Regulators propose major updates to law that encourages banks to invest in lower-income communities Regulators propose major updates to law that encourages banks to invest in lower-income communities

Key changes aim to modernize Community Reinvestment Act and increase clarity, transparency Key changes aim to modernize Community Reinvestment Act and increase clarity, transparency

August 18, 2022

Three federal agencies are proposing major changes to the Community Reinvestment Act, a law that encourages banks to meet the needs of the low- and moderate-income neighborhoods where they do business.

The joint proposal aims to expand access to credit and banking services and promotes transparency and public engagement. It also seeks to provide banks with more clarity and consistency around CRA regulations, and to help them invest in communities more effectively.

The last significant updates to the CRA occurred in 1995. Prabal Chakrabarti, community affairs officer at the Federal Reserve Bank of Boston, said the law needs to be modernized.

“The CRA is so vital to investment in low- and moderate-income communities,” he said. “But … it hasn’t kept up with the times. The (banking) industry and technology have changed, along with the needs of these communities.”

COVID-19 highlighted growing wealth disparities and the need for innovation to ensure low- and moderate-income individuals are not “left behind in banking,” said Carmen Panacopoulos, a senior business strategy manager in the Boston Fed’s Regional & Community Outreach department.

“There's an opportunity here for community organizations to build relationships with banks,” she said. “That way, … banks can (tailor) their product offerings to match community members’ needs.”

The CRA helps “shine some light” on banks’ community development work

Lawmakers enacted the CRA in 1977 to address unequal access to credit and other financial services largely caused by “redlining,” a discriminatory lending practice that targets communities of color and lower-income communities. While most regulator reports are confidential, CRA reports are public, said Andrew Olszowy, a vice president in the Boston Fed’s Supervision, Regulation & Credit department.

“These reports shine some light on how banks are meeting the credit needs of people and small businesses within all areas of their market, what services they’re providing, and what their community development activities are,” he said.

In the last three decades, the banking industry has changed drastically, especially with the rise in online and mobile banking. At the same time, some banks have spread across the country. Olszowy said that even with these changes, people see real value in having a local, neighborhood banking presence. The proposed revisions to the CRA aim to update the law, while maintaining its connection to the needs of low- and moderate-income communities.

“We’ve heard from community groups that brick-and-mortar bank locations can provide a stabilizing effect in vulnerable areas,” Olszowy said.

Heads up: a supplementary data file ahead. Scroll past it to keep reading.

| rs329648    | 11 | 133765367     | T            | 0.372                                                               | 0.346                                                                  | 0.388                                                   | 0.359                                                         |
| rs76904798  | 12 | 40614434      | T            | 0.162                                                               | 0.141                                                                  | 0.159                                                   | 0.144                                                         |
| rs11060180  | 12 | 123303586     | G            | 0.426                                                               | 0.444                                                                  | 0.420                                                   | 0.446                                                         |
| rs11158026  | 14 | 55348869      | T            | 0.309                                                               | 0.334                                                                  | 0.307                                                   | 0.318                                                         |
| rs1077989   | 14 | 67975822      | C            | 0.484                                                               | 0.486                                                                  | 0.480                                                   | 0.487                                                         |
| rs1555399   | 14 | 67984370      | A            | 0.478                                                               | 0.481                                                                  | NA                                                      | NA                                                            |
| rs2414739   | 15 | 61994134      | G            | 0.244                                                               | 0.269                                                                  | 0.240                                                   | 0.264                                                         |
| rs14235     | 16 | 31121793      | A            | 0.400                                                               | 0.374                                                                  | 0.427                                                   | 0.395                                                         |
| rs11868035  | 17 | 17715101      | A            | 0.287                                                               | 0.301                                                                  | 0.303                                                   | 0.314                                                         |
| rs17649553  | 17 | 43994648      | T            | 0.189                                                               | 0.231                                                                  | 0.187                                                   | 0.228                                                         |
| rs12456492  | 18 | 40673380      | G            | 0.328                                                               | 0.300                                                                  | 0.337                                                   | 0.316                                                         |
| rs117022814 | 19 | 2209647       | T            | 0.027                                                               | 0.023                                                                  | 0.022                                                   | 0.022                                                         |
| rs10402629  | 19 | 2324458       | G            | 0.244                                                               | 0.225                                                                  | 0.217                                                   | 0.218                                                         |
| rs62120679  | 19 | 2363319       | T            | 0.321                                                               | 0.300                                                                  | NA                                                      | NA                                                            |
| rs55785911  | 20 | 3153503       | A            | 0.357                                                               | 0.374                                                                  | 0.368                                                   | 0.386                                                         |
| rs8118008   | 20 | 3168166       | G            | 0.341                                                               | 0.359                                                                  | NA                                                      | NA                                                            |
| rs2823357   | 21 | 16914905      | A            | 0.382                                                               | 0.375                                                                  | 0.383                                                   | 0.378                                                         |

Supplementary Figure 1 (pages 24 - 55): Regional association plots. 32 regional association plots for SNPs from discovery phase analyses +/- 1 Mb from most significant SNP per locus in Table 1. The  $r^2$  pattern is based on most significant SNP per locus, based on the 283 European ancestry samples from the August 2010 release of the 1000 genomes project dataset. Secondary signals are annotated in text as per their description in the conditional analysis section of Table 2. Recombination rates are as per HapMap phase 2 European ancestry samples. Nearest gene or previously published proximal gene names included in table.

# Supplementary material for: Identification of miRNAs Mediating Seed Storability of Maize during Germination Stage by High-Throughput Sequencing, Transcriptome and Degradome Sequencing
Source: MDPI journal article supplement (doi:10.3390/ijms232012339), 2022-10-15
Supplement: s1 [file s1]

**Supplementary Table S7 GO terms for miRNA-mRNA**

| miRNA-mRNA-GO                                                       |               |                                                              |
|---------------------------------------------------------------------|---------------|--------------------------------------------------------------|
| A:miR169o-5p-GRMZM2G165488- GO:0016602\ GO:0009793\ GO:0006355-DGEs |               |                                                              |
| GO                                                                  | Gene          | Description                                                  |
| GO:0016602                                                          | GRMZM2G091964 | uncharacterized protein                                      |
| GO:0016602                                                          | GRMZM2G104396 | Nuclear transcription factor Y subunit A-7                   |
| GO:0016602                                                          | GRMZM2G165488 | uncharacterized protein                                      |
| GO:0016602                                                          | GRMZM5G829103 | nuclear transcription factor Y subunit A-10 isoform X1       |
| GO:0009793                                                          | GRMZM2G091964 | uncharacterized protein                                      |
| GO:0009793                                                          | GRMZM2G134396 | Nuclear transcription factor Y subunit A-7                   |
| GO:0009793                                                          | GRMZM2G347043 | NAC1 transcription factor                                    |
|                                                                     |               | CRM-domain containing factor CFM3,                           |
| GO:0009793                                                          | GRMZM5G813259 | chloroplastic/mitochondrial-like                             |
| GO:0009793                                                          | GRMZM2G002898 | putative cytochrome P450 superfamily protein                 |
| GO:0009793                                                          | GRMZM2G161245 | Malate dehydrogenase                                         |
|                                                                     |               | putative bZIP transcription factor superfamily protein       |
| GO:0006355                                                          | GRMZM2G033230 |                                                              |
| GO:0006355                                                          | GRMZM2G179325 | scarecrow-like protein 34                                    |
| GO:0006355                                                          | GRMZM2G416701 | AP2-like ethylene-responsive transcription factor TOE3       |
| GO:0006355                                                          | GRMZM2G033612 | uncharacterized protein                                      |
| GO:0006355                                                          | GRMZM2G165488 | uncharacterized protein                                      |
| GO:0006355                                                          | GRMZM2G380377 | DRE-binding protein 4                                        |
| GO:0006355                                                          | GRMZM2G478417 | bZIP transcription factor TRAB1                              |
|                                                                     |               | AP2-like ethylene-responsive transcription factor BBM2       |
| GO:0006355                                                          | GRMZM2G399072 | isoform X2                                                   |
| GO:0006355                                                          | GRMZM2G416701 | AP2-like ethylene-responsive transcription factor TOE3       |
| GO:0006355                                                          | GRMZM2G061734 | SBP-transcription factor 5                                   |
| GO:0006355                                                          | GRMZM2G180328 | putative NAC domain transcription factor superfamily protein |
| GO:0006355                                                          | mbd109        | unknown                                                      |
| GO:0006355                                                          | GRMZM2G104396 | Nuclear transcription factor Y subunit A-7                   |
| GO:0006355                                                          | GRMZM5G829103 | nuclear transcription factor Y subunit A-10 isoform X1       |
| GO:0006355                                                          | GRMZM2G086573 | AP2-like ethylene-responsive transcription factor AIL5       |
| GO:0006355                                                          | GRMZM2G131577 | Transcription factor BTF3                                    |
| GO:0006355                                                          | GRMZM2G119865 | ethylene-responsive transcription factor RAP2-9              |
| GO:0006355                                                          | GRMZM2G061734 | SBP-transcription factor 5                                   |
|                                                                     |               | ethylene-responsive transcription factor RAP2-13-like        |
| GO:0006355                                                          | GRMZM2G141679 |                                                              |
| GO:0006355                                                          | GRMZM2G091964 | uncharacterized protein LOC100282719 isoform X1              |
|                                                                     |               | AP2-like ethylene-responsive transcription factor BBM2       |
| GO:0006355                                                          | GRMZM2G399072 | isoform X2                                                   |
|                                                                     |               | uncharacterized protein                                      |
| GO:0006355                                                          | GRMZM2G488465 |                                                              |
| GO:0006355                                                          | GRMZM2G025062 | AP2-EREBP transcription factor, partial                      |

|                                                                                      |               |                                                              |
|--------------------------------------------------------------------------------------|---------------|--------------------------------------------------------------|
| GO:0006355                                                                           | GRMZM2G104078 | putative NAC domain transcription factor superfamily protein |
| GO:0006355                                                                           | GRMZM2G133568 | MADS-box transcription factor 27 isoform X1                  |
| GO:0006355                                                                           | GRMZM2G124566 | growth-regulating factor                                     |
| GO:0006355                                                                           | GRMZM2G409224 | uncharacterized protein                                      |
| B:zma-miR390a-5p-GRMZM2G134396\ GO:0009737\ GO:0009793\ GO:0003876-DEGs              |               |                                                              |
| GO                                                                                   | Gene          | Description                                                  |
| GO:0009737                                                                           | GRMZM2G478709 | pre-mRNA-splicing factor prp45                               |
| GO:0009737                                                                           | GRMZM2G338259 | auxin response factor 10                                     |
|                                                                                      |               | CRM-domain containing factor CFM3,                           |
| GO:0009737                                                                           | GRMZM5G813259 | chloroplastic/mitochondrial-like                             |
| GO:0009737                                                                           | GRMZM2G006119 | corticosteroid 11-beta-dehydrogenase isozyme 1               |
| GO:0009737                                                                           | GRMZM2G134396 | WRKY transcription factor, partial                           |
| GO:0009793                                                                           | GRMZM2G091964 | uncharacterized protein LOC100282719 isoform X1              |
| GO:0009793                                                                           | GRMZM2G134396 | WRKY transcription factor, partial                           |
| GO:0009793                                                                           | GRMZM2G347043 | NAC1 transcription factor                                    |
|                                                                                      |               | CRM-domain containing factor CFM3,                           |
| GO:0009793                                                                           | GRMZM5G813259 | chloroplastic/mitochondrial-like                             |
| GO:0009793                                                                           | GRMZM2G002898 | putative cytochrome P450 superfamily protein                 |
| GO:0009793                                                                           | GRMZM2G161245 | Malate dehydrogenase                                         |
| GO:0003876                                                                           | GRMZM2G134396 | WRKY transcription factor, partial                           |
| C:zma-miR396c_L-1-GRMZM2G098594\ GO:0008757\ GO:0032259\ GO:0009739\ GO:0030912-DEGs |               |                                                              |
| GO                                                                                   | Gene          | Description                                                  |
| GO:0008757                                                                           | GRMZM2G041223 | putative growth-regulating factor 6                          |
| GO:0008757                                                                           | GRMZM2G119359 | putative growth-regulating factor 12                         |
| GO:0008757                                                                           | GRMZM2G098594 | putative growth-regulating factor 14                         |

The Federal Reserve Board of Governors, the Federal Deposit Insurance Corporation, and the Office of the Comptroller of the Currency published the joint proposal to change the CRA in May, but discussions around updating the law started long before then. The Federal Reserve began public outreach on the topic more than a year ago.

“We’ve been engaging with both community groups and bankers from the onset, … and we want to be as transparent as possible,” Panacopoulos said.

Proposal emphasizes regulation clarity, public transparency

Matthew Holt, a supervisory bank examiner at the Boston Fed, said CRA enforcement typically involves more examiner discretion and “gray areas” than other financial regulations. To help provide banks with more clarity, the proposal would create a consistent regulatory approach across the three agencies with standard metrics used to evaluate banks’ CRA compliance.

He added that examiners manually sorted through paper files in the past. But now they can organize large volumes of data with “a few clicks of a button,” and the proposal reflects this shift.

The updates also acknowledge that banks of different sizes have different capacities and resources, and it aims to avoid overburdening smaller banks.

For instance, banks are evaluated in areas including retail lending (such has home mortgages and car loans), services and products, and community development activities. Under the proposal, evaluations – as well as data collection and reporting requirements – depend on bank size.

More evaluations apply to large banks (those with more than $2 billion in assets). For certain evaluations, intermediate and small banks can choose to opt into updated tests or continue with existing versions.

Chakrabarti said the updates also assess where large banks lend, including their activity in areas where they don’t have physical branches. That could lead to more CRA investment in places that have community development needs but don’t have a lot of banks, he said.

One goal: help community groups take advantage of new access to data

The proposal expands the list of community development activities that banks can participate in to comply with CRA requirements. Holt said it would also require large banks to publicly share raw data on their community development activities.

“For years, community groups across the country were hampered by a lack of data,” he said. “But with this new reporting, they could identify high-need areas where there’s no capital flowing (from banks’ qualified community development activities).”

The window for public comment on the joint proposal closed on Aug. 5, and the three agencies are working together to review every submission, Holt said.

Learn more about the joint proposal here.

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